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R or r (pronounced: [ ʔɛr ], [ ʔɛʀ ] or [ ʔɛʁ ], imprecisely also [ ʔɛɐ̯ ]) is the 18th letter of the modern Latin alphabet . In most of the spelling in Latin , it denotes a consonant from the group of liquids . The R has an average frequency of 7.00% in German texts, making it the fifth most common letter .

The letter R is in the finger alphabet

The finger alphabet for the deaf or hard of hearing represents the letter  R with the crossed index and middle fingers pointing upwards and the other fingers resting on the palm of the hand. The thumb rests on the fingers pointing downwards.


Human head (protosinaitic) Phoenician Resh Greek rho Etruscan R. Etruscan R with attachment Latin R
Human head (protosinaitic) Phoenician Resh Greek rho Etruscan R. Etruscan R
with attachment
Latin R
Detail of the inscription on the sarcophagus of Lucius Cornelius Scipio Barbatus (280 BC; Rome, Vatican Museums ). The R already shows the modern form, while the P still has the archaic “open” form, which is more similar to the Greek Pi .

In the Protosinaite script the letter represented the profile of a human head. In the Phoenician alphabet the head was strongly stylized. The letter was given the name Resch (head) and was available to the phonetic value  [⁠ r ⁠] .

The Resch was adopted in the Greek alphabet under the name Rho . Over time, the rho was rounded off and with the change in the direction of writing, the letter also changed its orientation. Sometimes the rho was also written with a short approach under the rounding, but this modification was not included in the Greek alphabet.

The Rho was adopted as R in the Etruscan alphabet. The Etruscans also wrote the letter partly with, partly without beginning. When the Romans, the Etruscan alphabet took over, they used the version with approach it from  P to distinguish. The approach grew over time and through to Roman antiquity to the base line of the letter. The letter was also mirrored as in Greek, in order to adapt it to the writing direction from left to right. In this form, the R entered the Latin alphabet.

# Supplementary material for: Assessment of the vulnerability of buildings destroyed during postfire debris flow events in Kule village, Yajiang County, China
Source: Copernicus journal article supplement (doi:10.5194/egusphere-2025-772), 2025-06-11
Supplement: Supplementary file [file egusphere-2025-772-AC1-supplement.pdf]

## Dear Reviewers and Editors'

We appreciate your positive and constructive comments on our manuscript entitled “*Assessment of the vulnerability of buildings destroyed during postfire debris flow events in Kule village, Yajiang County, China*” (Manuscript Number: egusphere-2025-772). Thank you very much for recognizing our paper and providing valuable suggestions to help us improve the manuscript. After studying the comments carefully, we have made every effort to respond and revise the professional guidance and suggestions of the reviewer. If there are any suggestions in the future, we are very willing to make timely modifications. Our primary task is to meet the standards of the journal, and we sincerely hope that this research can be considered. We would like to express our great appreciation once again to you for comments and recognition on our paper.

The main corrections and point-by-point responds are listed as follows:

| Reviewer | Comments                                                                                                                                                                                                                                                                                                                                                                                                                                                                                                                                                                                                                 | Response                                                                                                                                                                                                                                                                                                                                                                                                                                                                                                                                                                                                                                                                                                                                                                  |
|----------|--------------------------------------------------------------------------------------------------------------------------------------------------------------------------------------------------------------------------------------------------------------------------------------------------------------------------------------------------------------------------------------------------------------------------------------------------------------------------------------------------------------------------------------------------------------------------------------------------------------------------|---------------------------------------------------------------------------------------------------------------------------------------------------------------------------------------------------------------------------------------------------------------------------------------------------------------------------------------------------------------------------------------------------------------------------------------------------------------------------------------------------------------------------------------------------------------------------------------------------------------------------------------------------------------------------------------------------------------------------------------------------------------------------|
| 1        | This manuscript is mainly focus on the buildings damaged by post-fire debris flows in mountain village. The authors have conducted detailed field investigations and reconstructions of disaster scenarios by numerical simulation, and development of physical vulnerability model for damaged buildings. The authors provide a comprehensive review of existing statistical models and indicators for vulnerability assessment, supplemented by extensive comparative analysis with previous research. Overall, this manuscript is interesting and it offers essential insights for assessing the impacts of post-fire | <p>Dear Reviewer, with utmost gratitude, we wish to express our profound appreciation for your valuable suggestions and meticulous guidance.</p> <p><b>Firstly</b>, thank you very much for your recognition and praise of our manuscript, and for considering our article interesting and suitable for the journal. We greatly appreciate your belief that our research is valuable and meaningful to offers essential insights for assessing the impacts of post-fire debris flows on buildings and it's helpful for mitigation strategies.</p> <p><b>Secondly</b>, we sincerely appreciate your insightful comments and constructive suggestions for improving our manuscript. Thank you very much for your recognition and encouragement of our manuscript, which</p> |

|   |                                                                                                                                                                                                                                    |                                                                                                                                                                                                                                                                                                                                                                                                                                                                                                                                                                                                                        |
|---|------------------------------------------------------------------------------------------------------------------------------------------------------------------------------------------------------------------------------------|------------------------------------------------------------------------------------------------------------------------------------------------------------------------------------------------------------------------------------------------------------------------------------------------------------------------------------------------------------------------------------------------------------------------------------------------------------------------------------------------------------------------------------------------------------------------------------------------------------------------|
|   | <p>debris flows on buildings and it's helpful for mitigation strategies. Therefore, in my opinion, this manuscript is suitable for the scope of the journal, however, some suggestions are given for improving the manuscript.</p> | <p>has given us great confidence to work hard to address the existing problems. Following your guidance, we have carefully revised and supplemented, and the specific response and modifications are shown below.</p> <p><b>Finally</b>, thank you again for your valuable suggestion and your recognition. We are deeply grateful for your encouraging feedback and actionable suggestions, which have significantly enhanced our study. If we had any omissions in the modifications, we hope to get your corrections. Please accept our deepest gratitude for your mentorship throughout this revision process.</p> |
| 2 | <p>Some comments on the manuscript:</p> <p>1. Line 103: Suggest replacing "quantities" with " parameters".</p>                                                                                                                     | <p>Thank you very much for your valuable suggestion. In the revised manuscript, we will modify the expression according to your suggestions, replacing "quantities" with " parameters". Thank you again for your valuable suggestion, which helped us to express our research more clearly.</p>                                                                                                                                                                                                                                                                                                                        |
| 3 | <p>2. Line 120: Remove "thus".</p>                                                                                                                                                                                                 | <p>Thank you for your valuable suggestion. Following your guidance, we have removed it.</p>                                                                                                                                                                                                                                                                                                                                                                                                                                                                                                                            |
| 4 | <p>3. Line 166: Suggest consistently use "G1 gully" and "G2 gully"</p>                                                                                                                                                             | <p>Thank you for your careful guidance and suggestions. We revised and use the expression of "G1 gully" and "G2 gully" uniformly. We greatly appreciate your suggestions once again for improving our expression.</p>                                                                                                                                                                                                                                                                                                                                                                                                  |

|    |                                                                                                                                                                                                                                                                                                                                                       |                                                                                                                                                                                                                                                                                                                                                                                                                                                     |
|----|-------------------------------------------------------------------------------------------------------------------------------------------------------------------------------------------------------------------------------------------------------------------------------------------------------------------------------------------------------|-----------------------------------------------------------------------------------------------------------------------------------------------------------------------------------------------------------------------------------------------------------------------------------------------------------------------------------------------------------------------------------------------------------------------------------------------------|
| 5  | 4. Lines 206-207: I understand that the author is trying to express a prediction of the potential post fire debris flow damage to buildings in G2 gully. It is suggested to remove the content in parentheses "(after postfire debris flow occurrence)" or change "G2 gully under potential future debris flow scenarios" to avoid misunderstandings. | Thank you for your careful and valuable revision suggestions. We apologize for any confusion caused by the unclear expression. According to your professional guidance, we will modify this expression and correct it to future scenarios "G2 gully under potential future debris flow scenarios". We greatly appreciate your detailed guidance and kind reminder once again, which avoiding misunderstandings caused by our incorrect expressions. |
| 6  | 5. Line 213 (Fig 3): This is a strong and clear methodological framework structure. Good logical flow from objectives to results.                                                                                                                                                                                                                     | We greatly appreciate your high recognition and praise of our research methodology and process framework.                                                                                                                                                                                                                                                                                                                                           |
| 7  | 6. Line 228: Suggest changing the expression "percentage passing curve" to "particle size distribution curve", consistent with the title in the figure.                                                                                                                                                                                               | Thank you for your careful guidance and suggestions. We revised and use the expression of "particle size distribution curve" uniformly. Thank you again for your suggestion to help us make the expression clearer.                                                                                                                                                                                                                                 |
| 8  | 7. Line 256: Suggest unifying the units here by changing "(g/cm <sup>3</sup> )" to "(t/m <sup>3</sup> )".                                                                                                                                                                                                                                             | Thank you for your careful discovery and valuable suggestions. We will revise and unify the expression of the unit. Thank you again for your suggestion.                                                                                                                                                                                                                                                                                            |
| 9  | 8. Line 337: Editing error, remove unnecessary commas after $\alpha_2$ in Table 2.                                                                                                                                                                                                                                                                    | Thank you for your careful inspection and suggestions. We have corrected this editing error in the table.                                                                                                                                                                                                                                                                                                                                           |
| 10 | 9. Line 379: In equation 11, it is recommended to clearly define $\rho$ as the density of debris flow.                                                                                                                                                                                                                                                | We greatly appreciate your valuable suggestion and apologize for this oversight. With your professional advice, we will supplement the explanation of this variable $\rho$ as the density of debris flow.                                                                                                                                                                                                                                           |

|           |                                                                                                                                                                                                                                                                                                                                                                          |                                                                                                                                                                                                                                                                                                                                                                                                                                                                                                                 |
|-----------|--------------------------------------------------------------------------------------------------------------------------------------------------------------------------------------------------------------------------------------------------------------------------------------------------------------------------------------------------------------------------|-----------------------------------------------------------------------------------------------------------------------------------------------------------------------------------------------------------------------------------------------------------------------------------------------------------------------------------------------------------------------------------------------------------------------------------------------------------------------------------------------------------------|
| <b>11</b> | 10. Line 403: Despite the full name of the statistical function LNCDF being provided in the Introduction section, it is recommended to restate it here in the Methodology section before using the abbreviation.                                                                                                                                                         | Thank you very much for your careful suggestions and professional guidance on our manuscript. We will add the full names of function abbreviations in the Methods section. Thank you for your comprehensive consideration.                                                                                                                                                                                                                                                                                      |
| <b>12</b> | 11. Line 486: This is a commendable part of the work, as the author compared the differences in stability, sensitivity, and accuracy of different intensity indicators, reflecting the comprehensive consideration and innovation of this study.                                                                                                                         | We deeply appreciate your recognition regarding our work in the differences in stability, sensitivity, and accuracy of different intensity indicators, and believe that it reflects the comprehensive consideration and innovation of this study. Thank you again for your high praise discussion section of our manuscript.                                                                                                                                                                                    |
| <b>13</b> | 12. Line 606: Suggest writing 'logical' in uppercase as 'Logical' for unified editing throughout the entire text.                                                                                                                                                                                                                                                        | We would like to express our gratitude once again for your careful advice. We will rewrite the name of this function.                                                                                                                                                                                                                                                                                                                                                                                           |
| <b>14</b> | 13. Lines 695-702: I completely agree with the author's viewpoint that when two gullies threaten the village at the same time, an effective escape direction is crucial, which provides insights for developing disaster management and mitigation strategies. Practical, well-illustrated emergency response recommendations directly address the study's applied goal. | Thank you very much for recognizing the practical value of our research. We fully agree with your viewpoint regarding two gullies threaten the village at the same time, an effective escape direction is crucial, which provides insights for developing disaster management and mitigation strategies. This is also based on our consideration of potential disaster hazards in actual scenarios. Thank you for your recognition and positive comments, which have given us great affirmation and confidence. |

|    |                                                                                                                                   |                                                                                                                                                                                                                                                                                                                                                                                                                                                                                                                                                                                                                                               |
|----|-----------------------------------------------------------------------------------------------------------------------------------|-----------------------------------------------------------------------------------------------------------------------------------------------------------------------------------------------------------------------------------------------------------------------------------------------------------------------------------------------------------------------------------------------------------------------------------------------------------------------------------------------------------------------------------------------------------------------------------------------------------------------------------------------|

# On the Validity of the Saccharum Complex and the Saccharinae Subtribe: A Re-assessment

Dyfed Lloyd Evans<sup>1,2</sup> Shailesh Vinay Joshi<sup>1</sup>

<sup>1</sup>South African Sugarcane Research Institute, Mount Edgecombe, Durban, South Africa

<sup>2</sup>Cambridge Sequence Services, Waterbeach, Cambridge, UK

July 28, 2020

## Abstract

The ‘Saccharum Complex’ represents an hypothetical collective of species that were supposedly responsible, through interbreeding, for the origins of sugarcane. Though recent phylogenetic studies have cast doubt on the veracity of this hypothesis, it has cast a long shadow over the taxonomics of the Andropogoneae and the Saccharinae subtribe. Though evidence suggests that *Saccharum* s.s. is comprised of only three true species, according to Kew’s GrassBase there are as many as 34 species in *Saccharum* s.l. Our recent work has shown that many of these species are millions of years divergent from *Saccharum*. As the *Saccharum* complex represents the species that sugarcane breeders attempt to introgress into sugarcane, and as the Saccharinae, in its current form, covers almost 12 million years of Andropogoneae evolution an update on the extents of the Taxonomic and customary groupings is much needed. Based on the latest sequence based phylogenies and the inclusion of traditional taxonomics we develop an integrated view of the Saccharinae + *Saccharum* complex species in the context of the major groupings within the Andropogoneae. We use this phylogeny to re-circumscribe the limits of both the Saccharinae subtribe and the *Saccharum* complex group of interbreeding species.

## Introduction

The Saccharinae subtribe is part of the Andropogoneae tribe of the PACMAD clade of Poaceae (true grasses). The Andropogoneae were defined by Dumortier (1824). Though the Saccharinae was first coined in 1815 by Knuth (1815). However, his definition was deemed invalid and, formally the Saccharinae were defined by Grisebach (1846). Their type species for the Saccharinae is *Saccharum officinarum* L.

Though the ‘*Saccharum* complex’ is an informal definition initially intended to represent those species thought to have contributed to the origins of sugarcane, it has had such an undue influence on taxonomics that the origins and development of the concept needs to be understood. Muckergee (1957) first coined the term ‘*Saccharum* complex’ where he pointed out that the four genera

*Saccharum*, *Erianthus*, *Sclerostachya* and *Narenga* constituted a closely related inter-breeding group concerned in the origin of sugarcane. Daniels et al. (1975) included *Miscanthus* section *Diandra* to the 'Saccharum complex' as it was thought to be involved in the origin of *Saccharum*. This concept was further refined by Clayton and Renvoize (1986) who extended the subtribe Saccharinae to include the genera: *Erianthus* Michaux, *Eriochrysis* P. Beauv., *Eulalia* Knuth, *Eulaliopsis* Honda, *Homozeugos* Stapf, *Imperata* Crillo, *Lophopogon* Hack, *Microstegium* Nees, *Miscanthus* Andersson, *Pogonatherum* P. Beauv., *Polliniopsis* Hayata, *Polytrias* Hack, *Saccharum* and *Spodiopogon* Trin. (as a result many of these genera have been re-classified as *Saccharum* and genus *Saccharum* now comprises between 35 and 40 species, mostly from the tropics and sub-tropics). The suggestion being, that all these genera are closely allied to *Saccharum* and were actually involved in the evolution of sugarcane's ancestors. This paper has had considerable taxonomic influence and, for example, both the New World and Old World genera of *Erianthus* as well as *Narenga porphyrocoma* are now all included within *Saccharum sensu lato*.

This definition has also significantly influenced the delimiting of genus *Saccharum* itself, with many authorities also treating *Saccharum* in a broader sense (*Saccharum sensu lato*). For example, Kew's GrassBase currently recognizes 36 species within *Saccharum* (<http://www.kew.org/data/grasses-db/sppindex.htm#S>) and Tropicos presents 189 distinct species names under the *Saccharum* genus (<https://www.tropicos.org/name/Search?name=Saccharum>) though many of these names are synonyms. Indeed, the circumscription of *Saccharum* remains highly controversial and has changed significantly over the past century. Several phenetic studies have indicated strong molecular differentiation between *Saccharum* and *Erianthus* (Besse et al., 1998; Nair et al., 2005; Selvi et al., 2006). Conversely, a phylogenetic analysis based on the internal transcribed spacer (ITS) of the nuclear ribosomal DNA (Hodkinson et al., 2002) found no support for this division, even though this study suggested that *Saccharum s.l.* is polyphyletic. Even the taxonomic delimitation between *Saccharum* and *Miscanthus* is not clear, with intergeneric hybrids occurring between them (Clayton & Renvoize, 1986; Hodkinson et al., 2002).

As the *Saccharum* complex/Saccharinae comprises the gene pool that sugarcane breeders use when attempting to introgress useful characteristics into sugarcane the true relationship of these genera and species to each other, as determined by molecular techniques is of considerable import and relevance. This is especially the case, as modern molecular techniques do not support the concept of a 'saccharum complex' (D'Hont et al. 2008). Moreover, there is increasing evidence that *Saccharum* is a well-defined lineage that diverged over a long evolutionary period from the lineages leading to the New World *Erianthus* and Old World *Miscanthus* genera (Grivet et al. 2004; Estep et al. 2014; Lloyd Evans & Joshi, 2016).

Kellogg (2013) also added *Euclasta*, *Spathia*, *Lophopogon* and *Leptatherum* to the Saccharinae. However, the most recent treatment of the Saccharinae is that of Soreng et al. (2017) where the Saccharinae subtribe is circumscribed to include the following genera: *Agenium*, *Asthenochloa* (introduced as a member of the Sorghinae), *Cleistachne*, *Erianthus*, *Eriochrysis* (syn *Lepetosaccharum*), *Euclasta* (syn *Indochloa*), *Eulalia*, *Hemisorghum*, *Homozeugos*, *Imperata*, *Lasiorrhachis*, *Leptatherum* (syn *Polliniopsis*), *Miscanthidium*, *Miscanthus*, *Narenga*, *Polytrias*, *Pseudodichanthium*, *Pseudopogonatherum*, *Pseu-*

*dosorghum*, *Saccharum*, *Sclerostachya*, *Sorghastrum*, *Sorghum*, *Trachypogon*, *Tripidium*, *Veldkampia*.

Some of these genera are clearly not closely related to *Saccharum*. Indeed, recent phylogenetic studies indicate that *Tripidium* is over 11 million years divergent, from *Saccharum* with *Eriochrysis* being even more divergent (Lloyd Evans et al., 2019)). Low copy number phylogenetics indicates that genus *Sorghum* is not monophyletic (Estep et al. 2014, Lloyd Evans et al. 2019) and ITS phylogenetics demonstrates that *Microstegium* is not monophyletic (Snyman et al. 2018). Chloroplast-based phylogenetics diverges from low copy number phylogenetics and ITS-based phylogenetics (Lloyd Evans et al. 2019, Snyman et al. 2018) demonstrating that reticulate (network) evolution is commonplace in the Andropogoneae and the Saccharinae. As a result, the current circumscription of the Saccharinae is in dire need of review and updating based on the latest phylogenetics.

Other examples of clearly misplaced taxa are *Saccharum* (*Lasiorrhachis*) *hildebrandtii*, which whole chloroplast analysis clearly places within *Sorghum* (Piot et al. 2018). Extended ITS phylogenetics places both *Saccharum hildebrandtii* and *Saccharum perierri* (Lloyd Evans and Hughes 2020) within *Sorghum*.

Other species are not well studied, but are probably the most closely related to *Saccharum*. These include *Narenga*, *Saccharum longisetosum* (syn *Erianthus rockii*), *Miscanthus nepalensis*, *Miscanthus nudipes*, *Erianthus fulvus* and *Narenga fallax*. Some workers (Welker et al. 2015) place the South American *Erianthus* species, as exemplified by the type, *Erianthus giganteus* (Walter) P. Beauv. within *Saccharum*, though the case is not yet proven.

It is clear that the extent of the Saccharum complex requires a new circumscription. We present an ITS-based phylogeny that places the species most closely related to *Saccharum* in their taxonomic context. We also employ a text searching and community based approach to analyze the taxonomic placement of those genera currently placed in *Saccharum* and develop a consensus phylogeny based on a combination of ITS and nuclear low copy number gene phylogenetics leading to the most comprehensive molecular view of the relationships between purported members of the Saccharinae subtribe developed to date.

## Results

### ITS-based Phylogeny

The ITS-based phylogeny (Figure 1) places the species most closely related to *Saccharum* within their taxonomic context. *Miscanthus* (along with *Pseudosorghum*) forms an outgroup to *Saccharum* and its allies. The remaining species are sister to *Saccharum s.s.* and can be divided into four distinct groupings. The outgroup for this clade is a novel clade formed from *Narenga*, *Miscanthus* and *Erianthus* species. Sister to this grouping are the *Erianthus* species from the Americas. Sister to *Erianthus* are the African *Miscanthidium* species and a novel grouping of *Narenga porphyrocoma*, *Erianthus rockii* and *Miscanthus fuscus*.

to form

Similar but different glyphs for straight r (marked in green), round r (marked in red) and the latter similar Tironic Et (marked in blue) in a Spanish print from 1496

With the development of the Carolingian minuscule , the lowercase letter  r with a straight stem was created. The forms used in today's Antiqua fonts are derived from this.

In the Middle Ages, a second form of the lowercase letter was developed, the round r or r rotunda . It was written after round characters like o, d, p, etc.


In script fonts , especially in output writings (in education for first graders learned forms of writing), different forms can be found on the country and time period:

Related letters in other writing systems

In most of the writing systems, which can ultimately be traced back to the Phoenician script , there are letters that, like the R, can be derived from the Phoenician Resch and regularly designate sounds that are also usually designated with the R in the Latin writing system:

Hebrew: Resh Arabic: Ra Greek: Rho Cyrillic: he Gothic: Reda Runes (Futhark): Raidho
Hebrew :
Arabic :
Greek :
Cyrillic :
Gothic :
Runes ( Futhark ):

Similar letters

K and R in Walbaum fracture

In numerous Gothic scripts , the capital letter form of the K resembles that  of the R, especially since the two upper arms of the K are connected to form a closed shape. Readers inexperienced in Fraktur can therefore misunderstand a K as an R (e.g. cattle instead of child ). The K differs by an arch attached to the left trunk and the rest of the shape swinging to the right, while the R there mostly has an elephant's trunk swinging down to the left to about half the letter height .

Cyrillic Letter Ya Times New Roman.svg
Change from Ѧ to Я form in Russian manuscripts of the 15th – 17th centuries Century

The modern form of the Я of the Cyrillic script (lower case я), pronounced in Russian as / ja / or (after palatalized consonants) / a /, is similar to the mirrored capital letter form of the Latin R, but is not related to the R. The form was created with the font reform of Peter the Great (1708–1710) by adapting the form of the small law (Ѧ, Russian ѭсъ малъ ) to the shape of the classical antiqua . Since the Я is quite common in Russian texts, while the Cyrillic script does not contain a letter that is the same as the non-mirrored R , the R is occasionally mirrored in Latin-written texts that are supposed to evoke associations with Russia or the Soviet Union (for example in a caricature way) .

Cherokee R-like letters E and SV Font Digohweli.svg

The Cherokee syllabary characters for "e" (/ e /) and "sv" (/ sə̃ /) are similar to R.


Pronunciation in German

Not wherever the letter R appears in scripture, it is actually pronounced as the phoneme / r /. Most dictionaries that are based on the so-called standard wording of German contain the recommendation to pronounce the letter as / r / after the short vowels i, ä, a, ü, ö, u, o at the end of the word or in front of a Consonants, e.g. B. [vɪr] for “confused” and not [vɪɐ̯] . In other cases, a weakened a [ɐ̯] is usually given, such as “door”, “we” or “mother”.